Standardization of Gas Well Tests
- L.D. Galloway | H.L. Kendrick
- Document ID
- Society of Petroleum Engineers
- Journal of Petroleum Technology
- Publication Date
- October 1964
- Document Type
- Journal Paper
- 1,113 - 1,116
- 1964. Original copyright American Institute of Mining, Metallurgical, and Petroleum Engineers, Inc. Copyright has expired.
- 2.4.3 Sand/Solids Control, 5.6.4 Drillstem/Well Testing, 1.6 Drilling Operations, 2 Well Completion, 5.7 Reserves Evaluation, 5.3.4 Integration of geomechanics in models, 4.6 Natural Gas, 4.2 Pipelines, Flowlines and Risers
- 2 in the last 30 days
- 344 since 2007
- Show more detail
- View rights & permissions
Three types of initial potential tests are presented in this paper with explanations of each and their applications and limitations. These are explained as to when and where each may be used. Also, deliverability testing is covered as applicable to low-permeability reservoirs as encountered in the Rocky Mountain region. Particular emphasis is placed on testing in the San Juan Basin of New Mexico and Colorado. Initial potential testing may, vary from locale to locale, but all testing within a common pool should be conducted in the same manner if the results are to be comparable. Standardization should be made by the engineers within the industry with the object in mind to obtain the best data, at the least cost, to attempt to predict future deliveries from gas wells and gas pools. In heterogeneous reservoirs of low permeability, the actual producing ability of each well cannot be accurately determined from either the initial potential test or from short periods of intermittent flow to the pipeline. Instead, the deliverability test is utilized as the most accurate tool for well evaluation.
The natural gas industry supplied approximately 10 trillion cu ft of gas from 91,082 dry gas wells during the year of 1962. The proven gas reserves increased some 85 per cent from 1945 to the end of 1962 to a figure of 273.8 trillion cu ft. This figure of reserves represents approximately a 20-year supply according to the 1962 consumption rate.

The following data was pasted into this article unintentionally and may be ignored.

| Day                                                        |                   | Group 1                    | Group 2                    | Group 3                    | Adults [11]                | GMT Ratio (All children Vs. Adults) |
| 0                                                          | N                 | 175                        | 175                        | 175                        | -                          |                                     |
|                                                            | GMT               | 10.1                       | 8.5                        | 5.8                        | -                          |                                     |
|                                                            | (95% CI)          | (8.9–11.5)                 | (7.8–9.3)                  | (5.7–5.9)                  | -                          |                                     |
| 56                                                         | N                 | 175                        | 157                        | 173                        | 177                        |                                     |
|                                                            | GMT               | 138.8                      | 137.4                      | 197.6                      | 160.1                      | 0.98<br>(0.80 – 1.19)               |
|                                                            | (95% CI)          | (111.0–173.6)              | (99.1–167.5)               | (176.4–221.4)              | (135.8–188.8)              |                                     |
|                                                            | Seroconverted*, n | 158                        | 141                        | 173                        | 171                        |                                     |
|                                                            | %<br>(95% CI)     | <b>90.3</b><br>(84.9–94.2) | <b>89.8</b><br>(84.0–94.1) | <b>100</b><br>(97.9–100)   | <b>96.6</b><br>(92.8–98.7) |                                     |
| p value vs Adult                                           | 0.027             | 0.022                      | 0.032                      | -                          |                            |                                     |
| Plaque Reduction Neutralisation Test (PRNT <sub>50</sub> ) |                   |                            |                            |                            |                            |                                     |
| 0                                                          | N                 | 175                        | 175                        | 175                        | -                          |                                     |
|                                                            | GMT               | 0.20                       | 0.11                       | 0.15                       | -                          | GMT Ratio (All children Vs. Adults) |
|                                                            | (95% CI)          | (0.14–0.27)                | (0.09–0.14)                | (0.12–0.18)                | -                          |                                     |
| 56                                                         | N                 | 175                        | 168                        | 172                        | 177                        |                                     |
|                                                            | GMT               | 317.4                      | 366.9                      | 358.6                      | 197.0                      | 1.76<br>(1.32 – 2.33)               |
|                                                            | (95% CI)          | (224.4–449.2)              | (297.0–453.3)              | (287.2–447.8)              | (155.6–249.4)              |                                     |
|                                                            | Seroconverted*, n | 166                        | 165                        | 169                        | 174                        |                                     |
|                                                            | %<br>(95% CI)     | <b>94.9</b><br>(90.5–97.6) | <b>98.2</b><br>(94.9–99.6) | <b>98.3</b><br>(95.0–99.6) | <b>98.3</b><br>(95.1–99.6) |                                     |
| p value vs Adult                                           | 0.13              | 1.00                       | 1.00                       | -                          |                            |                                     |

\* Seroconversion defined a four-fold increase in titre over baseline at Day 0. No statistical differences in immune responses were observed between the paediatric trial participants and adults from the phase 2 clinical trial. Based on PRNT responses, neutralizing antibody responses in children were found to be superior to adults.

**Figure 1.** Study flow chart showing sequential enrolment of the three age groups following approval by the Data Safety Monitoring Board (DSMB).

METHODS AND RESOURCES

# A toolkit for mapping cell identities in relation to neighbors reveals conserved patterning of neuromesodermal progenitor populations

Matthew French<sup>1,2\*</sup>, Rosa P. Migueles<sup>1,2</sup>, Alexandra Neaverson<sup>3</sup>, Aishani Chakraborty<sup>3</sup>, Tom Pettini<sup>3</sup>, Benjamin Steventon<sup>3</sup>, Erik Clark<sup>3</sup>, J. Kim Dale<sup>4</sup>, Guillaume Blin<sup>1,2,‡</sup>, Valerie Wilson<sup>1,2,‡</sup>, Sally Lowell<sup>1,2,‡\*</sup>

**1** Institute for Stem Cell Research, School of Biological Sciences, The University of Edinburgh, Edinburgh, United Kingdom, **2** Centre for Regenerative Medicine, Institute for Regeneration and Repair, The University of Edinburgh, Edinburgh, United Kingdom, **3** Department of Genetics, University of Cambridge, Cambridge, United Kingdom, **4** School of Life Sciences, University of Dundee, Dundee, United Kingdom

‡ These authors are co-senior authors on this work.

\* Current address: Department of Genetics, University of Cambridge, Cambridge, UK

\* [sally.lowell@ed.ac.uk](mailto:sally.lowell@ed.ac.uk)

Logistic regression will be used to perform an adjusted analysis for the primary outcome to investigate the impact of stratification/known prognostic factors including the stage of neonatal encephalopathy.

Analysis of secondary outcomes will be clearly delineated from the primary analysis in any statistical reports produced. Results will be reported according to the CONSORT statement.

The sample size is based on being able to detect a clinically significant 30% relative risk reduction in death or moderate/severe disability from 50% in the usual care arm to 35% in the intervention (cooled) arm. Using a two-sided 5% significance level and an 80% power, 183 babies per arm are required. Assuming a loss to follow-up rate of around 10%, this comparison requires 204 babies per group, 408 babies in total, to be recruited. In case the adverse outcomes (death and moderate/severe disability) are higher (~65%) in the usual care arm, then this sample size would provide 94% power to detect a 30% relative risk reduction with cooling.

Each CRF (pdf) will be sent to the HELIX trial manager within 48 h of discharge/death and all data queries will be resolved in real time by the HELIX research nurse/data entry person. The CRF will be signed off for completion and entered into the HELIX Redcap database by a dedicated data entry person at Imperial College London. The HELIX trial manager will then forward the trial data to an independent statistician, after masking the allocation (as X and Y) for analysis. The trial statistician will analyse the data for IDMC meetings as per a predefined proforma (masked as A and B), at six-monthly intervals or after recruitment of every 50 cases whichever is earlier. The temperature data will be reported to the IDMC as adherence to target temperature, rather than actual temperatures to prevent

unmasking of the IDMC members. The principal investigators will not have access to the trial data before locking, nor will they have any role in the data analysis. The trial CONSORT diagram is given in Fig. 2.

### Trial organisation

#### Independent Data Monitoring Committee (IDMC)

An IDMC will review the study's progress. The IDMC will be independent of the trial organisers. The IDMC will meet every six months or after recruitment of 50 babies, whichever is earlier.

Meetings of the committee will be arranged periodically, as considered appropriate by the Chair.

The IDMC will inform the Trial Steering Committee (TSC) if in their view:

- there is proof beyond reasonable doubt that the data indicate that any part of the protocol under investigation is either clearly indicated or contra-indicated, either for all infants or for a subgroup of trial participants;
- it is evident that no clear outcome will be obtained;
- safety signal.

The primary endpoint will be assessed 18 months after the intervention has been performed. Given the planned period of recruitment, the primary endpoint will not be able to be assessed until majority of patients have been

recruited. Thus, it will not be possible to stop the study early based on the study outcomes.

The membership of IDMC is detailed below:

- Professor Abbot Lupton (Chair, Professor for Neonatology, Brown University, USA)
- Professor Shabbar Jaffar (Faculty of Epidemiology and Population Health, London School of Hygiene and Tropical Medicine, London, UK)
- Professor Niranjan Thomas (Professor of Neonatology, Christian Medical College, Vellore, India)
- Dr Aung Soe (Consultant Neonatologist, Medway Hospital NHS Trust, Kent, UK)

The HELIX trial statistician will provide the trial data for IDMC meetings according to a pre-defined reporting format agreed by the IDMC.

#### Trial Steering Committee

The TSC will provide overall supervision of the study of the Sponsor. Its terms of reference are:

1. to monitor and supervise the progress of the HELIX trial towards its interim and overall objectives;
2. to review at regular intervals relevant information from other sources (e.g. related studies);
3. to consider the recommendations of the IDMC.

To evaluate each of the over 90,000 gas wells in existence today, we must utilize some medium of testing that will yield the necessary information about the well.
For data determined from tests to be of maximum value, all tests within a common reservoir should be done with identical procedures. In fact, if results are to be compared from reservoir to reservoir, or from state to state, tests should be done with standard procedures providing a common basis of evaluation and utilization. This would assure the reliability of data available to the engineer, even though he may not have worked in the area in which the test was taken. A major step in accomplishing standardization in testing has been made through the publication by the Interstate Oil Compact Commission of a "Manual of Back Pressure Testing of Gas Wells", which has recently been prepared and recommended for use throughout the gas industry. The need of such standardization is particularly apparent to those engineers whose work requires them to test wells in different states which utilize various test procedures, or in some instances have no specified procedures.
From the beginning of drilling operations until the final plugging of a gas well, gas well tests should be conducted periodically to obtain information as to the performance of each individual well. Good test results can be used for: (1) an aid in determining the effectiveness of well completion and stimulation methods: (2) sizing location production equipment: (3) sizing pipeline laterals and trunk lines; (4) the determination of appropriate line pressure for the design of gathering systems; (5) the determination of the number of wells necessary to supply the market demand; and (6) defining suitable withdrawal rates for contractual requirements, ratable takes, or proration allocation purposes.
These same gas well tests can often be used in the determination of reservoir producing characteristics as: (1) evaluation of reserve estimates and field life; (2) determination of the most desirable well spacing; and (3) determination of the most practical and economical withdrawal rates. These tests may further be used to define a well as commercial or non-commercial. And last, but possibly not least, a test value may be used to close the pages of the drilling activity of a well and thus, remove it from the scout report and place it among the completed wells. From these requirements have come several types of gas well testing procedures. All of these are predicated on the one basic premise that stabilized rates of flow and pressure can be obtained on a gas well. This is, in turn, a reflection of the permeability of the producing interval of the reservoir.
Types of Tests
The two general types of gas well tests that can be conducted are the open-flow test, with gas being vented to the atmosphere, and the closed-flow test with gas flowing into a pipeline.
|File Size||509 KB||Number of Pages||4|